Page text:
Typhoon leads to wind turbine generation record in China

The structure achieved 384.1 megawatt hours on Friday.
Loukia Papadopoulos
China Three Gorges Corporation's wind turbines.jpg
China Three Gorges Corporation's wind turbines.


Just two months ago, we reported that the installation of the world's largest offshore wind turbine was completed in China, making the 16-megawatt turbine fully operational and ready to provide much needed energy to the nation. The structure was built by the China Three Gorges Corporation (CTGC) and it’s already breaking records thanks to Typhoon Haikui.

The South China Morning Post (SCMP) reported that the turbine broke the world record for single-day electricity generation on Friday, achieving 384.1 megawatt hours, and beating the previous record set in August in northern Denmark.

A joint effort

CTGC joined forces with the Goldwind Science and Technology company to engineer and build the turbine, installed in the Taiwan Strait, 20 miles (32.8 km) off the coast of Fujian in China's southeast. And it’s an impressive structure: the hub of the turbine boasts a height of nearly 500 feet (152 m), the equivalent of a 52-story building.

SCMP reported that the edge of the turbine’s blades can “reach up to 70 percent of the speed of sound, more than double the speed of a high-speed train.” Each blade has a diameter of 827 feet (252 m) and can sweep an area of over 500,000 square feet (50,000 sq m), roughly equivalent to seven international-level soccer fields. A single revolution of each blade can result in 34.2 kilowatt hours of energy produced.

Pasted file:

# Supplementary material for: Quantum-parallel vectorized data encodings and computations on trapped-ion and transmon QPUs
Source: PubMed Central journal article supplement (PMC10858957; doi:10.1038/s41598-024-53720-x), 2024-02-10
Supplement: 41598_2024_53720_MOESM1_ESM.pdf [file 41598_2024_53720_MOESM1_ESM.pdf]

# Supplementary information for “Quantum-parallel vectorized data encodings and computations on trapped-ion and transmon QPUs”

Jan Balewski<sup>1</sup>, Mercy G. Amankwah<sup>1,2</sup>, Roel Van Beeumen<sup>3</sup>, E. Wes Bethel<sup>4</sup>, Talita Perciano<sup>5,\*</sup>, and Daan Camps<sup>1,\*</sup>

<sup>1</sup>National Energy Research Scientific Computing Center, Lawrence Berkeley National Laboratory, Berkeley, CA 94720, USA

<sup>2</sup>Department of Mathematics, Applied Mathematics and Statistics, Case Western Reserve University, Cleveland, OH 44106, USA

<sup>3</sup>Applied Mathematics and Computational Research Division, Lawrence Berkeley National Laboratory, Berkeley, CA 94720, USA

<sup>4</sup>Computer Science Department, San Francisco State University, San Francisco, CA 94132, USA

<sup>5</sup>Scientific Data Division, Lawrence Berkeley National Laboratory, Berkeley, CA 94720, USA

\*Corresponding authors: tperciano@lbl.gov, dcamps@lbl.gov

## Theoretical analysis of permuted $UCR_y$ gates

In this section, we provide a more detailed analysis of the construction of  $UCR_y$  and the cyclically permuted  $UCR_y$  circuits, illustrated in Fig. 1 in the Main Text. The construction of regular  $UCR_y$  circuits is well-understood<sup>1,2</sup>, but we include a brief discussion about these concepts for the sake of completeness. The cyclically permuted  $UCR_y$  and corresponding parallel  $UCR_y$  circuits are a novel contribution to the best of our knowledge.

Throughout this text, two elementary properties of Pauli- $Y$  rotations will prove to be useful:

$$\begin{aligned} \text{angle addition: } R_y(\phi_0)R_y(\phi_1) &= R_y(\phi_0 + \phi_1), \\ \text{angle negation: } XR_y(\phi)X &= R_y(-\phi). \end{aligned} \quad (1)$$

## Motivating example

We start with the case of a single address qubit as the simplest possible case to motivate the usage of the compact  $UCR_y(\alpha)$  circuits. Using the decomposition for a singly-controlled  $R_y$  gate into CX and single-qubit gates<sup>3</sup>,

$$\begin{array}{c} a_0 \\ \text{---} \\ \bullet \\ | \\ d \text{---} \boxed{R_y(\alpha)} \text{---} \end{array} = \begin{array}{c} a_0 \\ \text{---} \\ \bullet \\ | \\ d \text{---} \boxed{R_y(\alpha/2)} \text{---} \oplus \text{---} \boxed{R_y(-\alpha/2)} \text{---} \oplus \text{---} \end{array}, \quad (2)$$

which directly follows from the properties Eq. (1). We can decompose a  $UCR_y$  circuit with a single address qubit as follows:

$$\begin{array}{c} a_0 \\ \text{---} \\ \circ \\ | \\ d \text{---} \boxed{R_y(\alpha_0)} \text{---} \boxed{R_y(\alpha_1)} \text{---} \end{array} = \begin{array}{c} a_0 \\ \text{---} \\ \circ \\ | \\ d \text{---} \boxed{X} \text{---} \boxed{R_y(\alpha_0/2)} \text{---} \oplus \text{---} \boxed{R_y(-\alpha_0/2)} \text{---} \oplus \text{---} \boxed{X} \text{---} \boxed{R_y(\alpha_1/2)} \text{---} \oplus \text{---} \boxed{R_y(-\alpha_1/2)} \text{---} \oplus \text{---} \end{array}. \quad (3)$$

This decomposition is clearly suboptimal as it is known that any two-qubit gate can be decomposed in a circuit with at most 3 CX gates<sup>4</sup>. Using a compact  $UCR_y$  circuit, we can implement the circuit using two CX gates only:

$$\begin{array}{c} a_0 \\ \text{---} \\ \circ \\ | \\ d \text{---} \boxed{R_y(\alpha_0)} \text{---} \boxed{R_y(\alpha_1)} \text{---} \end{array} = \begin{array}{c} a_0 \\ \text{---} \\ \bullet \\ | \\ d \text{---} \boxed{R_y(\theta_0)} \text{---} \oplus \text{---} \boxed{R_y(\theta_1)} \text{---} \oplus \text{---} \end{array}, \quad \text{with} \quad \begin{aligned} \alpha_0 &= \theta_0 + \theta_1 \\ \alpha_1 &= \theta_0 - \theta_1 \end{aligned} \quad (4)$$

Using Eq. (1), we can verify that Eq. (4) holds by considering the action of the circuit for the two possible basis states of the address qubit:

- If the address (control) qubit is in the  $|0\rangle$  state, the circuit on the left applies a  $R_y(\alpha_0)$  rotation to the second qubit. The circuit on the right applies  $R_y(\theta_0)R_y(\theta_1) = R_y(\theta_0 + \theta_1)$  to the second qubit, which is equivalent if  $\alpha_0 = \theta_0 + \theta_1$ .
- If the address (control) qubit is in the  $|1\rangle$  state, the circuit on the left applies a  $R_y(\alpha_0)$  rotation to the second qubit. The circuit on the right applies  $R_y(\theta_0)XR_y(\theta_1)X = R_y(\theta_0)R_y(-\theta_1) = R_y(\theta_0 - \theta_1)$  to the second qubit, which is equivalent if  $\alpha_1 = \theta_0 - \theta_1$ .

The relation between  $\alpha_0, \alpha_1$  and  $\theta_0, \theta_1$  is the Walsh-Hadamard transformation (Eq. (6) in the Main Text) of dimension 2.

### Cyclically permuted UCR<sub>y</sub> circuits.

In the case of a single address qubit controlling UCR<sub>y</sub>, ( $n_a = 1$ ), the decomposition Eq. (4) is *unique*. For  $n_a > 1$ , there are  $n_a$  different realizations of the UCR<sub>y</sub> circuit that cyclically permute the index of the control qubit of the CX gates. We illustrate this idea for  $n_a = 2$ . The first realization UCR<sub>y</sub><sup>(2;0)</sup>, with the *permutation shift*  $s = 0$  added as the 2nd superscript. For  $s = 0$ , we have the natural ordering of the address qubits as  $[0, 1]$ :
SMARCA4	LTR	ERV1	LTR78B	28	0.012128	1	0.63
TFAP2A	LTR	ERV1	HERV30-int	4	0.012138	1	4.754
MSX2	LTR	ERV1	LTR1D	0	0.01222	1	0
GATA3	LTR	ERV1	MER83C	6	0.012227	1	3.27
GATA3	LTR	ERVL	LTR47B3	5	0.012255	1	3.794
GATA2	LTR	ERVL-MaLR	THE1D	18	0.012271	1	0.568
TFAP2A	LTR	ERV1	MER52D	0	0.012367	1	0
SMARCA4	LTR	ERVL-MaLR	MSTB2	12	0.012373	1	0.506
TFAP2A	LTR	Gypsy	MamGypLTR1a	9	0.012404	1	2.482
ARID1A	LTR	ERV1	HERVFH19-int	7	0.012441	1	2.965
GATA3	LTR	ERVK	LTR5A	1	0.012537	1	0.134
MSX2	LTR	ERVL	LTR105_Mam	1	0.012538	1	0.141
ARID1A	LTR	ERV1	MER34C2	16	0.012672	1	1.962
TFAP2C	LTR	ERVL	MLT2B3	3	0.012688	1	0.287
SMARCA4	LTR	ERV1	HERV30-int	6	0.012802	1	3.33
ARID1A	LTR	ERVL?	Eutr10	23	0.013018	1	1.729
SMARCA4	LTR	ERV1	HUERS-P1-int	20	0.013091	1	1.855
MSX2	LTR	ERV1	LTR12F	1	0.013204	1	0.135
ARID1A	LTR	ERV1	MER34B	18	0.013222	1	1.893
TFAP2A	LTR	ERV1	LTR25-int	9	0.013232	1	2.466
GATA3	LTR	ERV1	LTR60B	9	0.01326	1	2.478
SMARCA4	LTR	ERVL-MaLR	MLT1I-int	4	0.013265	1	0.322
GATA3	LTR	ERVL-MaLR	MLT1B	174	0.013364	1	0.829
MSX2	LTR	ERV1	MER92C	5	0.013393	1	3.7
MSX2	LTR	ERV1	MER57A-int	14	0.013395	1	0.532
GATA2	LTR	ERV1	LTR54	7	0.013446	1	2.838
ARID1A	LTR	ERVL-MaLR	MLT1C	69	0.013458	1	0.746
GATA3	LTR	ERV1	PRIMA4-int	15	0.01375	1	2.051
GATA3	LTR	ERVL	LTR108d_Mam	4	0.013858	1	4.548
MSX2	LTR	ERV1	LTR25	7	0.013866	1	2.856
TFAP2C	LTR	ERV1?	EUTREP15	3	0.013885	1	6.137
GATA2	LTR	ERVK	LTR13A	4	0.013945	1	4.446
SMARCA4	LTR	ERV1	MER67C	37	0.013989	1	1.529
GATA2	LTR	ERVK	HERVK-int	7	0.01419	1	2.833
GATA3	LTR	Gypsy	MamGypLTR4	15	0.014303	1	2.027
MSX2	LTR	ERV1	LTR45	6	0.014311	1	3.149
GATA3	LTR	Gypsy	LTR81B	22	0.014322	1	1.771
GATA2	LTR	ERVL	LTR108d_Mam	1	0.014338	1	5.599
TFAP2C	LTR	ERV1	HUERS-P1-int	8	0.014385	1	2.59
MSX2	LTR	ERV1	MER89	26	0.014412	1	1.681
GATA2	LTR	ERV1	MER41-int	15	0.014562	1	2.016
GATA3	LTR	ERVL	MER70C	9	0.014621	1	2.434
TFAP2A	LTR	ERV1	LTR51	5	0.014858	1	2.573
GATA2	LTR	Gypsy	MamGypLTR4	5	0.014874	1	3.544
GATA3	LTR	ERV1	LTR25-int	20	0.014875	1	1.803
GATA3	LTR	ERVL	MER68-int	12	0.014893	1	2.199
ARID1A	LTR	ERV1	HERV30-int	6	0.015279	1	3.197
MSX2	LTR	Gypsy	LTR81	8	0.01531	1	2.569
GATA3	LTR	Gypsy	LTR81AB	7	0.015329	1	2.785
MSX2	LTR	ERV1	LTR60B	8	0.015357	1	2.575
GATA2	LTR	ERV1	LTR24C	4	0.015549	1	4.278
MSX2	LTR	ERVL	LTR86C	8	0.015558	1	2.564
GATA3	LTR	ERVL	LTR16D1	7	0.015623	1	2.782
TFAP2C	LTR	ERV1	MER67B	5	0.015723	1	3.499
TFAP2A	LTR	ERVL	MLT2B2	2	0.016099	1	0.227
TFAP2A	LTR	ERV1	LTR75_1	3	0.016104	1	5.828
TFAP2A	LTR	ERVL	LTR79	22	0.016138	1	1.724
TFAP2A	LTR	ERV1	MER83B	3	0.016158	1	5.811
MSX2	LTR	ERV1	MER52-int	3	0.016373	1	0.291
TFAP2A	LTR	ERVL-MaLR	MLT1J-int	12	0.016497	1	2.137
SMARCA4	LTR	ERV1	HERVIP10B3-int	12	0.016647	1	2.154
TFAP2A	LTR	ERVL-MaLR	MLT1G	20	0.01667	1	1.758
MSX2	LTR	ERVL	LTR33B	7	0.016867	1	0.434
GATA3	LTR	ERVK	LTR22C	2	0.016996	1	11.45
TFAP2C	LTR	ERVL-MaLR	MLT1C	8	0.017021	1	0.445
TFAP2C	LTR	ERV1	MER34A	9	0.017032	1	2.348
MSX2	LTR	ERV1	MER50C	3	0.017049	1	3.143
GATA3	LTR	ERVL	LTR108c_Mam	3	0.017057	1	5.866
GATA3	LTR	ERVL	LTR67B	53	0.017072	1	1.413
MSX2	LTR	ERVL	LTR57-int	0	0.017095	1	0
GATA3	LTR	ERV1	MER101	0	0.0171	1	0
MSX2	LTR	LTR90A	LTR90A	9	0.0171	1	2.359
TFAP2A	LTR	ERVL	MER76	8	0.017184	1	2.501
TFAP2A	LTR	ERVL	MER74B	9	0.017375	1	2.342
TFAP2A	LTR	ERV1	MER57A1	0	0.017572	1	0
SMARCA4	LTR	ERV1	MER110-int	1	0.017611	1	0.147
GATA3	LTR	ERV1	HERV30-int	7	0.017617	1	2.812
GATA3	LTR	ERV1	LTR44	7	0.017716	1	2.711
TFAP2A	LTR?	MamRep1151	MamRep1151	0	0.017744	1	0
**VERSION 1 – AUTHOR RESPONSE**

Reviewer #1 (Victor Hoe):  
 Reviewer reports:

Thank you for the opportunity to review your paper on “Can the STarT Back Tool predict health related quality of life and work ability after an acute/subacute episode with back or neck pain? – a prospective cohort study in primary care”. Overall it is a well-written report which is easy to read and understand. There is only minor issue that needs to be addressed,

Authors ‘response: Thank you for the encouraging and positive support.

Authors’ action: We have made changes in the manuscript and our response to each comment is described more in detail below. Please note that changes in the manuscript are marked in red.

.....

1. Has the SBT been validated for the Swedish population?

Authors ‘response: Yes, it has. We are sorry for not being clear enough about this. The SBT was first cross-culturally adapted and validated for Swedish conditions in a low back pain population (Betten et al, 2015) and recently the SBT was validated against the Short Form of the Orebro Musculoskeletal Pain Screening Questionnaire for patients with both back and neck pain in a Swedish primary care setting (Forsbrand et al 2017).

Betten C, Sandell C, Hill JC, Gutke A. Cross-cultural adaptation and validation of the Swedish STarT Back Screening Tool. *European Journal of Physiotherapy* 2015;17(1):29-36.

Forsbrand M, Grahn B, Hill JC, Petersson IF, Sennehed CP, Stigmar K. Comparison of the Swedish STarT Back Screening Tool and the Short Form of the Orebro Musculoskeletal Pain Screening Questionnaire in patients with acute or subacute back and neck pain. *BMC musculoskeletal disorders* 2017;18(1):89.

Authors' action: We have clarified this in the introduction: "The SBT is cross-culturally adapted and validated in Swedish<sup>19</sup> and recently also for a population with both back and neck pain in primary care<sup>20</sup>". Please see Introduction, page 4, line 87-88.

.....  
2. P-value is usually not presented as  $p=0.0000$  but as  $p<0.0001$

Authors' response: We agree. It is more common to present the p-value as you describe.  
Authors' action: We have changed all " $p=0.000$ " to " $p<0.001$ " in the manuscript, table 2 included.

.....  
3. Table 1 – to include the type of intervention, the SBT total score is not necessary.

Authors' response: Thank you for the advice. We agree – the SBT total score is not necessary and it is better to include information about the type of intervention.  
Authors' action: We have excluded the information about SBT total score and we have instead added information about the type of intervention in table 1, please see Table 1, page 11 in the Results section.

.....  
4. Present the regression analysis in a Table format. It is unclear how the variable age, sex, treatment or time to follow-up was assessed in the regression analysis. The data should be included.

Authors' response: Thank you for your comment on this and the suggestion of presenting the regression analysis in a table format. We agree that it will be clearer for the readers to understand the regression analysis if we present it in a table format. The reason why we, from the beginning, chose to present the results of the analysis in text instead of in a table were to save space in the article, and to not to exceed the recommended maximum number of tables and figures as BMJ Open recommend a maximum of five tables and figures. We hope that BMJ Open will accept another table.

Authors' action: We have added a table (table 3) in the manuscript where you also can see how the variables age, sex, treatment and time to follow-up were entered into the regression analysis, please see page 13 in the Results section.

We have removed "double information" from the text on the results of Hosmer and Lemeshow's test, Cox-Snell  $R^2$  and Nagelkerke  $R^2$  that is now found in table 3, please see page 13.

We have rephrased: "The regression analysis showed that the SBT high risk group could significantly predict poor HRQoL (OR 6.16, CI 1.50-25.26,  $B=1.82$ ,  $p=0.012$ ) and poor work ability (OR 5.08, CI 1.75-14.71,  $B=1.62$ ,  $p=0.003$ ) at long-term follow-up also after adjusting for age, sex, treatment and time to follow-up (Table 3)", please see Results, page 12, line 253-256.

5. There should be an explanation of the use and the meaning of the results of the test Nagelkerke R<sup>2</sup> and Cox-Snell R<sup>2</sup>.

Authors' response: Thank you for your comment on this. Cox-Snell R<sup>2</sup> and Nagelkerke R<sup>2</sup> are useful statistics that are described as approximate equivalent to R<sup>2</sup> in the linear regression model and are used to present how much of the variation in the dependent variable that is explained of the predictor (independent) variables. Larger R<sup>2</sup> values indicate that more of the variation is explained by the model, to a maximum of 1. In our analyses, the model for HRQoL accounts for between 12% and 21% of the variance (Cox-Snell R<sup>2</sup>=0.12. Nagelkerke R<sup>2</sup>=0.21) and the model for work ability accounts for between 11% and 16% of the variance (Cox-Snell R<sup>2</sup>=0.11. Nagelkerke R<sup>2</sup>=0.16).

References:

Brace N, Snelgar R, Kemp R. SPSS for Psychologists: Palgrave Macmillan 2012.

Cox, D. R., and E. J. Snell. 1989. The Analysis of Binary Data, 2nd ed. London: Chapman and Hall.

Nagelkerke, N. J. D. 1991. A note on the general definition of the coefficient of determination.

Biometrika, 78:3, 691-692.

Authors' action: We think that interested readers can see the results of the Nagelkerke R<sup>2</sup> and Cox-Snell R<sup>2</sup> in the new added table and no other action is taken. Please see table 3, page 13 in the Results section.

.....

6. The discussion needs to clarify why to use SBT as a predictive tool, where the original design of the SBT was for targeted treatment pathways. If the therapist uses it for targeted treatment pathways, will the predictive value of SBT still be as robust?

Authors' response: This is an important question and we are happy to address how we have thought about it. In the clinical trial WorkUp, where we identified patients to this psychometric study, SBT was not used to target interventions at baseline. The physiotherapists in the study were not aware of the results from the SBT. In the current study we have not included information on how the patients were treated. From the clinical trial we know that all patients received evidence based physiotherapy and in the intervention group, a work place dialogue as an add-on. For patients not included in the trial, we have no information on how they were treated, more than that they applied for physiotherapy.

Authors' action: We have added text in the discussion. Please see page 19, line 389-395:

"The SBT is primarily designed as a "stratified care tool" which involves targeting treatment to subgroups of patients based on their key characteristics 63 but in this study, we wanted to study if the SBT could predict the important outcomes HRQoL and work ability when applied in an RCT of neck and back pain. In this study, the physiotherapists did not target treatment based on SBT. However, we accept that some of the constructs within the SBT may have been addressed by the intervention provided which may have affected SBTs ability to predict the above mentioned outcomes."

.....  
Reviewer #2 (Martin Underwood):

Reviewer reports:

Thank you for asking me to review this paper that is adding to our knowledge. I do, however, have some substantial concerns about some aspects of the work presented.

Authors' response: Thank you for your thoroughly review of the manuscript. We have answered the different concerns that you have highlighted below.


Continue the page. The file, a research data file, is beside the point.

In order to break the record of power generation by an offshore wind turbine, the structure functioned at full capacity for 24 hours straight, pushed by the winds of  Typhoon Haikui.

The turbine also boasts an intelligent system that can change the speed of its blades in real time, functioning at optimal capacity even in wind speeds greater than 25 meters per second.

The turbine is an impressive achievement, even more so considering that it was engineered and built almost entirely in China.

“From the manufacturing of core components like main bearing, to the breakthrough use of carbon fiber materials in the blade, 95 percent of the turbines are made in China. Key components such as generators and gearboxes are almost 100 per cent domestically produced,” Lei Mingshan, chairman of CTG, said in an official report last month, according to SCMP.

A specialized task force

Furthermore, a specialized task force was formed by the turbine’s engineers to handle  the important task of protecting the turbine, ensuring no damage occurred in the extreme weather events produced by the typhoon.

“We are closely monitoring critical components like the main control programme, pitch system and generators to gradually lift power restrictions while ensuring operational safety,” the task force told SCMP.

China has long had carbon-heavy energy consumption, making the country notoriously responsible for greenhouse gas emissions. However, it has been strongly investing in sustainable energy technologies including wind and solar.

The new turbine is a testament to the nation’s ingenuity and to the power of clean energy to substitute fossil fuels. Earlier this month, RIM, formerly the Rocky Mountain Institute, reported that wind and solar will supply over one-third of global electricity by 2030, led by countries in Europe and China.

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